Re: Kiss and say goodbye to Microsoft!!

From: Bill McKenzie (bmckenzie@driver.attbbs.com)
Date: 02/20/02


From: "Bill McKenzie" <bmckenzie@driver.attbbs.com>
Date: Wed, 20 Feb 2002 10:01:39 -0600


> > I wonder if Bill's problem is similar to the one I have - when you make
money
> > selling product, it's easy to justify your income as honourable. You
write
> > stuff that's good enough for people to buy. But when you make money
selling
> > support for a free product, you essentially run into the issue of making
money
> > by producing a product that isn't good enough to operate without
support.
> >
> > As long as I can remain providing free support, and making money only on
sale
> > of product, I won't feel that I'm making people pay for my
shortcomings - in
> > fact, I have a strong incentive to remove bugs from the program before
it's
> > released.
>
> If you're a one-man show, then I guess there is a conflict of interest
> that's painful to manage. Let a good designer/coder team up with a
> good maintainer, though, and it's simply a question of which you
> choose to consider the profit center.
>

No it isn't and that is my point. Service revenue for a small to medium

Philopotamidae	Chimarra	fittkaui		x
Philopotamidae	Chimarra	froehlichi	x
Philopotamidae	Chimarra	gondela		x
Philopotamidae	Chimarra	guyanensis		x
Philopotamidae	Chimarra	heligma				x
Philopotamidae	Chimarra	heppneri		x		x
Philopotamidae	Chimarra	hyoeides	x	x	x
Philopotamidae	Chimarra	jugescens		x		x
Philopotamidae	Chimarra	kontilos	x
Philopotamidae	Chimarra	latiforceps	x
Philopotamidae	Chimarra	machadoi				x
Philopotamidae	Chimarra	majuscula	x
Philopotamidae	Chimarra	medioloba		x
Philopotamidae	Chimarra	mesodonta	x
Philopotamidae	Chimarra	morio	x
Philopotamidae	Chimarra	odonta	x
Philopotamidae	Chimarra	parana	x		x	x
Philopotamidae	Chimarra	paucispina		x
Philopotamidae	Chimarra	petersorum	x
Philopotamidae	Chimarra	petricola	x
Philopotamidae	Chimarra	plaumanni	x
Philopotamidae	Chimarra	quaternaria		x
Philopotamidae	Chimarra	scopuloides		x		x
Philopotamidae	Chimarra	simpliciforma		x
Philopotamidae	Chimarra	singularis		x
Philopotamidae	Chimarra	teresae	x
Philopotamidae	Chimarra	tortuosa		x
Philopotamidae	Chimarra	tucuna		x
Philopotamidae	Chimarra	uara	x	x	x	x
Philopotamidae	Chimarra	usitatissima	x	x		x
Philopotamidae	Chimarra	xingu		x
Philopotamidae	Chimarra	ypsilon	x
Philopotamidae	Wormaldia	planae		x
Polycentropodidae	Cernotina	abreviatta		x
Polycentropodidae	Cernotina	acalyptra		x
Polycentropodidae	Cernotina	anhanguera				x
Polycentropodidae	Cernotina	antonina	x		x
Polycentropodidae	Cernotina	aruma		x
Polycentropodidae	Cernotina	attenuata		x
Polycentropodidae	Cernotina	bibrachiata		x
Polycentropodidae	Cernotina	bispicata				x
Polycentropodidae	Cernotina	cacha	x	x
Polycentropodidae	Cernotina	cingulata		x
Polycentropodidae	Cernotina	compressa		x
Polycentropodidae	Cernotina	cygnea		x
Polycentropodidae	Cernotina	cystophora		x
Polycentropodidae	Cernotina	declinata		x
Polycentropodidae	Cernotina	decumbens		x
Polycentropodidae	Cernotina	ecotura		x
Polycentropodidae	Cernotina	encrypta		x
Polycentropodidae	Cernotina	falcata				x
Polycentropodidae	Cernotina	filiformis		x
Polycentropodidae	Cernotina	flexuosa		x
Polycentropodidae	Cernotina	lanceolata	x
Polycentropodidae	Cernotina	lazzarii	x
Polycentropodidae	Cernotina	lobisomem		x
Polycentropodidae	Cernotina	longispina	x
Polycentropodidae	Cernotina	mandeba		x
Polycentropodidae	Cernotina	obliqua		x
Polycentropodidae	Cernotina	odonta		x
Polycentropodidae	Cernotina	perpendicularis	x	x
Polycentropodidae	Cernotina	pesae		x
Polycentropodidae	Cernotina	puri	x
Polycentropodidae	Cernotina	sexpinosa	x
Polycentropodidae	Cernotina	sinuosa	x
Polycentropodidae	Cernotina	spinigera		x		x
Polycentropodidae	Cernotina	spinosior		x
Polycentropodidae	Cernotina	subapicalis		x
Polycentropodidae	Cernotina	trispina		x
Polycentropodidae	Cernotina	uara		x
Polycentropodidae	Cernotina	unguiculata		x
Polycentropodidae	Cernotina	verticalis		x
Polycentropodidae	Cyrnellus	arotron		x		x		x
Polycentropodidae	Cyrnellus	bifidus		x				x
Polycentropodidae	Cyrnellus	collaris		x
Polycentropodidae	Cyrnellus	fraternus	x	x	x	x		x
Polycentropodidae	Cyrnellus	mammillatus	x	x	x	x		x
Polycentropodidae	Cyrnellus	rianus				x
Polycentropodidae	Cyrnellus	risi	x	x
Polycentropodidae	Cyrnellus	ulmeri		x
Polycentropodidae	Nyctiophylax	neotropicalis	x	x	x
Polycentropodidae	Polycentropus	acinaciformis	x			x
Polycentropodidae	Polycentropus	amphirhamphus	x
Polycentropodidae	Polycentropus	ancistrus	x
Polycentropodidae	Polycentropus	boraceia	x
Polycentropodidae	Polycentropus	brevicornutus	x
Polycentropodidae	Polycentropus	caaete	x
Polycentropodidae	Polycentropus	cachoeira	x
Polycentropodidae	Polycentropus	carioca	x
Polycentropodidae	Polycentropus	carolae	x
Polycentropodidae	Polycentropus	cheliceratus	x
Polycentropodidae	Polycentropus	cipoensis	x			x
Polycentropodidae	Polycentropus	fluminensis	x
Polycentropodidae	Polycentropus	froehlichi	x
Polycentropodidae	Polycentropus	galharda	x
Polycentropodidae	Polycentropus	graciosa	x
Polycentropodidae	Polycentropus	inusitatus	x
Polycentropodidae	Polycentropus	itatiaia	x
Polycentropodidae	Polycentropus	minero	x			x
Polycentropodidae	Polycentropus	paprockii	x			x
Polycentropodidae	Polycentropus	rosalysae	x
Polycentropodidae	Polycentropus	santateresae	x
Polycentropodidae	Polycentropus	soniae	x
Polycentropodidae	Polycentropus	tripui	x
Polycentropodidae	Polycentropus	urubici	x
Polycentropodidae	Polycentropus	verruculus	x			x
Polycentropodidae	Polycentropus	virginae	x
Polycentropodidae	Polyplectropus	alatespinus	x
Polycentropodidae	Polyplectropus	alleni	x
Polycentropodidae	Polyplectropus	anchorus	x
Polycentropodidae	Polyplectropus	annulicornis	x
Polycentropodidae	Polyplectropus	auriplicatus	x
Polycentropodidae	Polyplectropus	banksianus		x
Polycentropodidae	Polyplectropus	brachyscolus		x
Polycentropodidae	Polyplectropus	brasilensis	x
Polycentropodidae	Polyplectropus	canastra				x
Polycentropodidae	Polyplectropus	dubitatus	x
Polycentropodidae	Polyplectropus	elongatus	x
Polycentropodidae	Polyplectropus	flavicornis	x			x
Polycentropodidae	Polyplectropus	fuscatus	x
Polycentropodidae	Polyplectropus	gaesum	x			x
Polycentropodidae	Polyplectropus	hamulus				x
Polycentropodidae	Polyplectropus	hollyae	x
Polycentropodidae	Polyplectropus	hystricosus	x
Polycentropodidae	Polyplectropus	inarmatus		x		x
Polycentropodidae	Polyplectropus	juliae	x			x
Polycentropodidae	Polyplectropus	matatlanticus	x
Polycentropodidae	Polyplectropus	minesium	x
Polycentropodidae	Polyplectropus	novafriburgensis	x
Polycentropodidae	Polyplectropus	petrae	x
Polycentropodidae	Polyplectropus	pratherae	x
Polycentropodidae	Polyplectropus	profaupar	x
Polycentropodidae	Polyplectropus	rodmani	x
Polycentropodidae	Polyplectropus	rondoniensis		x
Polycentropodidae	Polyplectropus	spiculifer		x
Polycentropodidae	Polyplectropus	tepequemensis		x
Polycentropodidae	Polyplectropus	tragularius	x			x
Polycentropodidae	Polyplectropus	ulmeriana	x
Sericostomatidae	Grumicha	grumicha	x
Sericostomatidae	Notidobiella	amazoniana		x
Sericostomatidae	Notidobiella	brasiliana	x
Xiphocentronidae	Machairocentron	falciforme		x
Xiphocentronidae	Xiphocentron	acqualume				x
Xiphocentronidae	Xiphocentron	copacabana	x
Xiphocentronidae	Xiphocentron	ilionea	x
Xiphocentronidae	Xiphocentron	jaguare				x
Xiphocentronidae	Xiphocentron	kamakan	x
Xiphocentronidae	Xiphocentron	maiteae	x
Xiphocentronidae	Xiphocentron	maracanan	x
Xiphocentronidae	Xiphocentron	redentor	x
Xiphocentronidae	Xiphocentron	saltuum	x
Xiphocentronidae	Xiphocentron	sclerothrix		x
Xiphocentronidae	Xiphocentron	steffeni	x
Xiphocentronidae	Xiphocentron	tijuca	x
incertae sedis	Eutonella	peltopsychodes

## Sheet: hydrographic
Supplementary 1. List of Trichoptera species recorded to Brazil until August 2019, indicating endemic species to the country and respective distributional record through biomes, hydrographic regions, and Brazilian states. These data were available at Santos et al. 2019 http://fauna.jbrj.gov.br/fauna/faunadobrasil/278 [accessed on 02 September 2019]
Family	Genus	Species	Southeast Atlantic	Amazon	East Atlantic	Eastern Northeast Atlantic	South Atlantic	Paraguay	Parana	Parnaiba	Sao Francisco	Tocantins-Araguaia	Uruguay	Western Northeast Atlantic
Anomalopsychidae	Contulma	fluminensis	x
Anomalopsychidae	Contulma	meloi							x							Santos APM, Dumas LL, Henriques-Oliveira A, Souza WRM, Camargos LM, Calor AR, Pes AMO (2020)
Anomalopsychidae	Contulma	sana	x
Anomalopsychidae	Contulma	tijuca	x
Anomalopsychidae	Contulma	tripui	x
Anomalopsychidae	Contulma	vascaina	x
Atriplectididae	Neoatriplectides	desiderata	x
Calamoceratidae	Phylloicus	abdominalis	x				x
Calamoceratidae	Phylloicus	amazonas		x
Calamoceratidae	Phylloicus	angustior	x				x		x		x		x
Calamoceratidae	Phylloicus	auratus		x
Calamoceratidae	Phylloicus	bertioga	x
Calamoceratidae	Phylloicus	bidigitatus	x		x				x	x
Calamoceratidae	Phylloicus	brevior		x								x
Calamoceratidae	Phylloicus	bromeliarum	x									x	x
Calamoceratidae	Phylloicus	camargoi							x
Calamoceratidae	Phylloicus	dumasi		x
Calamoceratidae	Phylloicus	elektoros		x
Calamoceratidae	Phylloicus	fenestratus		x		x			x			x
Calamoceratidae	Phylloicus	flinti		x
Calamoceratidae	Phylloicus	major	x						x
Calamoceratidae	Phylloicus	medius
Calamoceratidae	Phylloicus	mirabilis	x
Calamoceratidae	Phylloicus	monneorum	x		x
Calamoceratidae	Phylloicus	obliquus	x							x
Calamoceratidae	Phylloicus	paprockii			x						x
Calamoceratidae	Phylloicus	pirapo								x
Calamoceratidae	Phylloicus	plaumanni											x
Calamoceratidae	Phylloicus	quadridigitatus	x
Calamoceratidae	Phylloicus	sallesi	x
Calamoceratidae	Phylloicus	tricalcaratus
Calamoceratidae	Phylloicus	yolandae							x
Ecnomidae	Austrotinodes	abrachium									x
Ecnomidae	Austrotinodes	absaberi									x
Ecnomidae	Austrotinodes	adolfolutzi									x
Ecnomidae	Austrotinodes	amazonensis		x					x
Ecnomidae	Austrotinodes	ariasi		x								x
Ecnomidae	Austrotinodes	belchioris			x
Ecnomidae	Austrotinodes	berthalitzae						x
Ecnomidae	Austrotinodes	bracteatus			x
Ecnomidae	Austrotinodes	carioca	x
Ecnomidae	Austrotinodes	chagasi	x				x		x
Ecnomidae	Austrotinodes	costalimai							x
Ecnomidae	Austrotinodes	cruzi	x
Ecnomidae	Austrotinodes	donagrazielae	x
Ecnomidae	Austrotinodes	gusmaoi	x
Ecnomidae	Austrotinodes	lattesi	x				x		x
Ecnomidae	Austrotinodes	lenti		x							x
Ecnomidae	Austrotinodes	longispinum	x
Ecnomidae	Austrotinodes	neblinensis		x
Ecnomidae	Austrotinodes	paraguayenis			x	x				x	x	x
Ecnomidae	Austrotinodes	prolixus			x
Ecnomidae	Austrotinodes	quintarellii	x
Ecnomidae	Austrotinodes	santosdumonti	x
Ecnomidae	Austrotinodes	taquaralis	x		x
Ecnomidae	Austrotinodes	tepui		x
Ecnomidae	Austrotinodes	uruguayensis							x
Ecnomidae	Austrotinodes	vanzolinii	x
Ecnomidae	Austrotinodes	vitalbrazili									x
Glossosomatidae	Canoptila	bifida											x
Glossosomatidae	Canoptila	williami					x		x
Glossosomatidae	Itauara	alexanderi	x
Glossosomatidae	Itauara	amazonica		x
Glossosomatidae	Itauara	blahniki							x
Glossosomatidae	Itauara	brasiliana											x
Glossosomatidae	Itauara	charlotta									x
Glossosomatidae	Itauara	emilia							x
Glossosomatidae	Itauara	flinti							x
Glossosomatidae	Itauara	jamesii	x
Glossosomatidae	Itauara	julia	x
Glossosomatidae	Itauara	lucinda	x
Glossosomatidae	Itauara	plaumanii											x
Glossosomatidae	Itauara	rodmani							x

software shop is difficult to maintain. I can survive as a contractor, but
I sure rather contract and have a good product on the market. That way I
can hedge the times when contracts slow down. Or I can take a day off once
in a while. If your revenue is solely based on service it is difficult to
maintain, and unless you make a buttload of money, its difficult to get away
from the shop. This is true even for some medium sized shops. The coverage
is just generally not there as not all engineers specialize in the same
fields, not all are equal, etc.

> You know, support is not *just* overcoming flaws in a buggy product.
> Some people simply can't be bothered to understand the nuances of a
> powerful product, because they're busy thinking about their own,
> non-computing, business. They'd rather pay you to help them make it
> work because it's cheaper than taking the time to learn how to do it
> right themselves. It's like, I *could* do my own surgery, but it's
> really much better for me to hire someone who already knows how and
> has had lots of practice.
>

If you were a surgeon you could probably perform your own surgery and you
might. I expect technical companies to be able to pick up my product and
perform their task quicker and with better quality. If they have trouble
they can call up and get help for free. If they can't use my product to do
that, then I haven't done my job.

> I don't hear anybody complaining that cars are not good enough to run
> without maintenance

You obviously don't live in my neighborhood. Everybody complains about
cars. That is why Japanese cars stormed the United States a few years back,
because they were about 10x more reliable than those made here. This is a
perfect example of an industry where competitive product pressure brought
about higher quality products.

> Some artifacts are not and cannot be fully
> turn-key. The more powerful they are, the more likely it is that we
> need expert help to begin using them, or to maintain their usability.